Live Templates for parameters

Sparky tells about a nifty undocumented feature in Delphi 2006: when you write a method call, the editor can put in placeholders for all the parameters, and you can Tab between them and stuff, just like with all the other Live Templates. Looks pretty nifty.

Now, if Borland could just be bothered to ship our copies of Delphi 2006 (now that everyone else has had it for, what, three weeks now?), I could try it out…

The 50-30-20 rule

Marcel introduced me to Steve Pavlina’s blog earlier this month. I’ve added Steve to my Google homepage, and read the posts that look most promising. Steve has some good food for thought, although I kind of doubt he’s going to convince me to go vegan.

Steve’s latest post is about the 50-30-20 rule. I can already tell this is going to spark some good thoughts and discussions between Jennie and me, and possibly at work too. It’s interesting just to think about which things fall into the three categories.

The full article is well worth a read. Go check it out now. I’ll wait. (Besides, the rest of this post won’t make much sense unless you at least know what the categories are.)

So at home, things like paying bills, doing laundry, doing dishes, cleaning the bathroom, etc., are C tasks: 90 days from now, they won’t really matter. We still have to do them or we’ll get in trouble, but they don’t have long-term effects. If all we do from now until retirement is wash dishes, we’re not going to have many happy memories to look back on. Things like watching TV and playing video games are also definitely C tasks.

My blog? Posting depends on the type of post; it’s probably a C most of the time, although I hope some of the OWL and Financial Peace posts fall closer to a B. Deleting comment spam is definitely a C. Working on the hamster (as I did this past weekend) is something that eliminates C tasks, so it’s squarely a B.

What about working on our budget? The exact details of next month’s budget won’t matter 90 days from now, but the effects of having done that budget are substantial; it’s saved our butts every month we’ve done it, because something big always comes up, and we always go back to the budget and find the money. (I still can’t quite believe it, and I don’t know how we do it, but it has worked every month.) It’s certainly been more than 90 days since we started budgeting, and we’re still feeling the effects from that first month. The budget is probably a B task, or even an A. (Hell, if we hadn’t started doing a budget, we’d probably have filed for bankruptcy by now. No joke. So there’s a serious case to be made for counting the budget as an A task.)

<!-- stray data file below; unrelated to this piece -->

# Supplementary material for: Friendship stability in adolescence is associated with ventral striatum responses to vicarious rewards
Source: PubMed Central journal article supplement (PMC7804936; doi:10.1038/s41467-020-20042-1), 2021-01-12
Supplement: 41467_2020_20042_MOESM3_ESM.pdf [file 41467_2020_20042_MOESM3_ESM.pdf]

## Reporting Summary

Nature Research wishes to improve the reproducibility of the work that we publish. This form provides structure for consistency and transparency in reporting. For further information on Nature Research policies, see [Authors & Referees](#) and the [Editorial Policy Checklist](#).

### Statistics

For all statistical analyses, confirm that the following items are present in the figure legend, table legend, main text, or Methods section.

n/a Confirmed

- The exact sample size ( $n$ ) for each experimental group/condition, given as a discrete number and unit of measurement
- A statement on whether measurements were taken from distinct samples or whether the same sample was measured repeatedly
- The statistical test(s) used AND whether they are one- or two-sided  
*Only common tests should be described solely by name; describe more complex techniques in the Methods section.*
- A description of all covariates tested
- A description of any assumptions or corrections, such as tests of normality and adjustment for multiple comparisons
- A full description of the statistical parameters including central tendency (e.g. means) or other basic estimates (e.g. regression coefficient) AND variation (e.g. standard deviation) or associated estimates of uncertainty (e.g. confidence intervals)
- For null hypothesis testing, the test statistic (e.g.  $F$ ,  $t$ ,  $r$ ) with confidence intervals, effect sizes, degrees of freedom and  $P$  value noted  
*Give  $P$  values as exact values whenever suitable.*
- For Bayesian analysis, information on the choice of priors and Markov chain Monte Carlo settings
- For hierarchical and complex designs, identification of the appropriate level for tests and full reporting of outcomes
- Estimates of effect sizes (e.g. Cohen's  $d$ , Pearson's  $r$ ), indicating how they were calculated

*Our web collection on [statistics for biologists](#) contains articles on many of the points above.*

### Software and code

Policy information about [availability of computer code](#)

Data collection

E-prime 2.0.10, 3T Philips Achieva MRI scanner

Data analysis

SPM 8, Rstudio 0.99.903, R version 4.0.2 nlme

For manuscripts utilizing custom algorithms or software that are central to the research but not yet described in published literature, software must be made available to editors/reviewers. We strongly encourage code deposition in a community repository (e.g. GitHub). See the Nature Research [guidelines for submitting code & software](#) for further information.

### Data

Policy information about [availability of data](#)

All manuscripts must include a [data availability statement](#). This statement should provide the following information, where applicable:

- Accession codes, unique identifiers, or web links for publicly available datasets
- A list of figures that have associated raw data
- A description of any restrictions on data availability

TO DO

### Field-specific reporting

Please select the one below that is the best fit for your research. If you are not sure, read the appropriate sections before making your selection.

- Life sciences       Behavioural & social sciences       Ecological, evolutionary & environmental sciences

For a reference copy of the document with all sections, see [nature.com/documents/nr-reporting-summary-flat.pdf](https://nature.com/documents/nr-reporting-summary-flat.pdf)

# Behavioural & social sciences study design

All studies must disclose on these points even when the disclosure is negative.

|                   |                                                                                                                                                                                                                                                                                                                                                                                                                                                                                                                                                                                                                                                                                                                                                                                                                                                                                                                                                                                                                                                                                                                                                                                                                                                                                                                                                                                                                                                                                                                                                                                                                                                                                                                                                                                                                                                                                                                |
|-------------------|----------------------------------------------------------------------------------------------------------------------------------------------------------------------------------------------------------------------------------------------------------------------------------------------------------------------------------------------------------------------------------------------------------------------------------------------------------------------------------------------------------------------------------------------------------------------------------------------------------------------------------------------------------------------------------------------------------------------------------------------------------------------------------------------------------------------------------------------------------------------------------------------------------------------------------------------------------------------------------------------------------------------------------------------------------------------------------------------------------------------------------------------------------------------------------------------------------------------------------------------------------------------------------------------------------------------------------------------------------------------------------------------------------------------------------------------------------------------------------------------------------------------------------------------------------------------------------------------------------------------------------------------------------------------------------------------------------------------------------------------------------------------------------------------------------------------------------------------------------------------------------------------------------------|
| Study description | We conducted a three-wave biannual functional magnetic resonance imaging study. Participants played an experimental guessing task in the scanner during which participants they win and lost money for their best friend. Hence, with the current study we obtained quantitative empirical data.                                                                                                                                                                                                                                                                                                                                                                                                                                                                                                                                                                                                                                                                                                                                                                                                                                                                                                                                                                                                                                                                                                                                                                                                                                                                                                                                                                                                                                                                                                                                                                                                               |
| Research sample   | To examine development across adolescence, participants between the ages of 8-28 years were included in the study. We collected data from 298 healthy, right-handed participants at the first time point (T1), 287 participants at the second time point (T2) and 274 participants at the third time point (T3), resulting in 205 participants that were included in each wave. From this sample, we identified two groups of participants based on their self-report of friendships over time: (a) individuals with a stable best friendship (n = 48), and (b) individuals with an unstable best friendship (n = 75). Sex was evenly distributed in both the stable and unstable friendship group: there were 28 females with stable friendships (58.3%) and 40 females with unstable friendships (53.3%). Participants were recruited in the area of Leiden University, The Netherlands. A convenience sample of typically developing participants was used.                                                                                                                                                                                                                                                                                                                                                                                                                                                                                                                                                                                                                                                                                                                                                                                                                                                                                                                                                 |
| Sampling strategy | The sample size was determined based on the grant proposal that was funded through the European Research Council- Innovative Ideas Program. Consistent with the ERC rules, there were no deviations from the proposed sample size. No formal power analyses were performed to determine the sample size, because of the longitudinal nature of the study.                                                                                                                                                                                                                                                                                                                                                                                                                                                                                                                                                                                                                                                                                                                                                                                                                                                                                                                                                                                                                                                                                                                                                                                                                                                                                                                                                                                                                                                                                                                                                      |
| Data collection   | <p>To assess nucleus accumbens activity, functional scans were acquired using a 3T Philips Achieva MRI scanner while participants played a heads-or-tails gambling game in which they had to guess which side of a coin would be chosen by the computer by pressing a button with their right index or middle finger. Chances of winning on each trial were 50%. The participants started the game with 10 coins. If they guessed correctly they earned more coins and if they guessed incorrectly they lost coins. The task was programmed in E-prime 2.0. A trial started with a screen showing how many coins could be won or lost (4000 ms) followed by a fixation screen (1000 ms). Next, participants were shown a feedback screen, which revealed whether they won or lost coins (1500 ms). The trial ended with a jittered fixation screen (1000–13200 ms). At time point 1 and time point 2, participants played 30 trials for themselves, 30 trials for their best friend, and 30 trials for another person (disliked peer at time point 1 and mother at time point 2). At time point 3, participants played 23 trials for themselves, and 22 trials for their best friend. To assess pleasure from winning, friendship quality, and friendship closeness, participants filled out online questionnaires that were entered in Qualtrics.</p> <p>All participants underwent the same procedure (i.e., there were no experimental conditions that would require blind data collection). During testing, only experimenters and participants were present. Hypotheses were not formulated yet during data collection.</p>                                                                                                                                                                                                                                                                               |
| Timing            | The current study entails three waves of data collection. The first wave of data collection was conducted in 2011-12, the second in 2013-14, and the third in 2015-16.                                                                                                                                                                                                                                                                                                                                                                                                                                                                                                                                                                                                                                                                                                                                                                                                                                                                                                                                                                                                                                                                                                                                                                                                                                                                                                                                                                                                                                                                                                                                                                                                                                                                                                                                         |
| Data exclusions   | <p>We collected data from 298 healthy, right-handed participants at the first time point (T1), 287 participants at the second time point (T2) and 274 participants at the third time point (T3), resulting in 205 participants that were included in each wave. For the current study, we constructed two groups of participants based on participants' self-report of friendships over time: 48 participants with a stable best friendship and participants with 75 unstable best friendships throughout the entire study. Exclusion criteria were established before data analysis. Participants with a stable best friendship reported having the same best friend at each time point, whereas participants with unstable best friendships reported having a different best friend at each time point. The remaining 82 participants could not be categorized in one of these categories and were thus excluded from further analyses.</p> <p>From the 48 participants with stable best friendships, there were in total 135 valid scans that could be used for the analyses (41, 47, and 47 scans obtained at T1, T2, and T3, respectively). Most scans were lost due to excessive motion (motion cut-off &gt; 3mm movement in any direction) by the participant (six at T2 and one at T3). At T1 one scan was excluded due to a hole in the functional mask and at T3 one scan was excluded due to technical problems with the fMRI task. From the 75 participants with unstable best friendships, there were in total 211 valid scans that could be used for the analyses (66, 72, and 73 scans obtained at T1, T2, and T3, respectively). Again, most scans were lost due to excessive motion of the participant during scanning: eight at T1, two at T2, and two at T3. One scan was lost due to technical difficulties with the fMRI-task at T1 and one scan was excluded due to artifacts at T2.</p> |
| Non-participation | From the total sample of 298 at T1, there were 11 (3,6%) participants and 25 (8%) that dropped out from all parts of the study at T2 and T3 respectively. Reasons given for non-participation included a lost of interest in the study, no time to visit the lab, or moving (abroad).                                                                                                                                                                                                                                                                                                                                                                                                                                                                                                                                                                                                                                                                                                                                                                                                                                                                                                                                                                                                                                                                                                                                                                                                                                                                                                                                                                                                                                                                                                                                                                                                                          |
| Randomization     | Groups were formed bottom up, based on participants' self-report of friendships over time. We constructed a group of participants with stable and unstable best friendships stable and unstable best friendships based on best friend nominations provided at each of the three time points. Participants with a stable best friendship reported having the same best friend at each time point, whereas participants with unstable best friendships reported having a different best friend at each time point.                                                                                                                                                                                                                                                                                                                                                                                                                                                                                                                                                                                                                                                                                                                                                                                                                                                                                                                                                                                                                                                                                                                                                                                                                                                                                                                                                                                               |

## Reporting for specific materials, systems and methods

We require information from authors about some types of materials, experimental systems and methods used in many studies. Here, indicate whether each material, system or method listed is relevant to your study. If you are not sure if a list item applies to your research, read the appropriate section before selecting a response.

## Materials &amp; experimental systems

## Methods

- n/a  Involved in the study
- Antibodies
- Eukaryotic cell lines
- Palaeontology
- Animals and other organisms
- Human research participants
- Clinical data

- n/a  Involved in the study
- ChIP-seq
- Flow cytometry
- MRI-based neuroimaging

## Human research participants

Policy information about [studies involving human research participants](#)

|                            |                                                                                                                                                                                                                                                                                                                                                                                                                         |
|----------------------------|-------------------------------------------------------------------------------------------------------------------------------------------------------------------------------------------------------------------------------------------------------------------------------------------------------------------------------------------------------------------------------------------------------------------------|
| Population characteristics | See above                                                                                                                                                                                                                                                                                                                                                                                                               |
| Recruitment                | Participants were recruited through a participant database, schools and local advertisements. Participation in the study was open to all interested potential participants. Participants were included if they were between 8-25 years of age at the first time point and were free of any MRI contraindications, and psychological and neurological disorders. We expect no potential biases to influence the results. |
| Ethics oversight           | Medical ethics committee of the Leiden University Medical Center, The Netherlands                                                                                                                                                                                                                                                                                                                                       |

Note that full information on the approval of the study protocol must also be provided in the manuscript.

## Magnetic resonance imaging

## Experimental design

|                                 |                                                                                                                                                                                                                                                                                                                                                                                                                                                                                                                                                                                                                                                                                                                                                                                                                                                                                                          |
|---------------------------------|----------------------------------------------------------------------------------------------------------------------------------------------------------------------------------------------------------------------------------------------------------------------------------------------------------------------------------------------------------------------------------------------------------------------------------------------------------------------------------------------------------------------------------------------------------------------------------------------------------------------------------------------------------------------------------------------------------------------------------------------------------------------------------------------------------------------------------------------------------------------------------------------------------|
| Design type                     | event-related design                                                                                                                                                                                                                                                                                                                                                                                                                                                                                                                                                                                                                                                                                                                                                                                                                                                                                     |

Spending time with Jennie could fall into any of the three categories. Eating on the bed and watching TV would be a C, I think. Eating out and talking? B, at least. Going for a walk together? Spending a quiet weekend in a motel somewhere? Again, B, at least; maybe A. Going to FPU class together? Teaching No Matter What to the youth group? Teaching FPU at our church? All A.

And then, what about work? Reading e-mail is a C task. So is the daily stand-up meeting, and probably the weekly planning game; not sure about release planning meetings. What about fixing bugs? Coding new features? Refactoring our existing code base? Writing unit tests? I’d guess those are probably Bs. Yes, unit tests have value for as long as they’re around, but I’m not sure most of them have an individual half-life of more than two years. But there’s plenty of room for debate on that.

I can think of two categories of things I do at work that would definitely fall into the A category. One is working on improving our XP process. Making it work more smoothly. Getting our customers more involved in the process; helping them write acceptance tests. Helping management understand, in more and more depth, how XP is really supposed to work. Pushing back when they want to release every two weeks, even though we don’t have enough automated tests yet, and that kind of schedule doesn’t give adequate time for manual testing. Just in general oiling the gears so that we can get our work done. And, in general, stuff I’m not all that good at, or excited about, doing. But it’s some of the most important work we have to do. Hmm…

And the other category of work A-tasks is, stuff that will help me. Not just my current employer, but me, for my entire career. In my job field, that means learning. Learning better ways to write tests. Learning better ways to factor code. Learning new languages, new toolsets. Taking training classes. Going to BorCon.

One thing Steve doesn’t even talk about is money. How could we apply the 50-30-20 rule to our budget? A tasks, right now, would be things like paying off debt. C tasks would be things like groceries and gas. B tasks seem like the hardest to figure out, but I think things like car maintenance and weatherproofing the downstairs door would fall into this category. We’ll have to look over our budget and start trying to figure out what falls where. It’ll certainly be an interesting way to think about how to spend our Christmas money.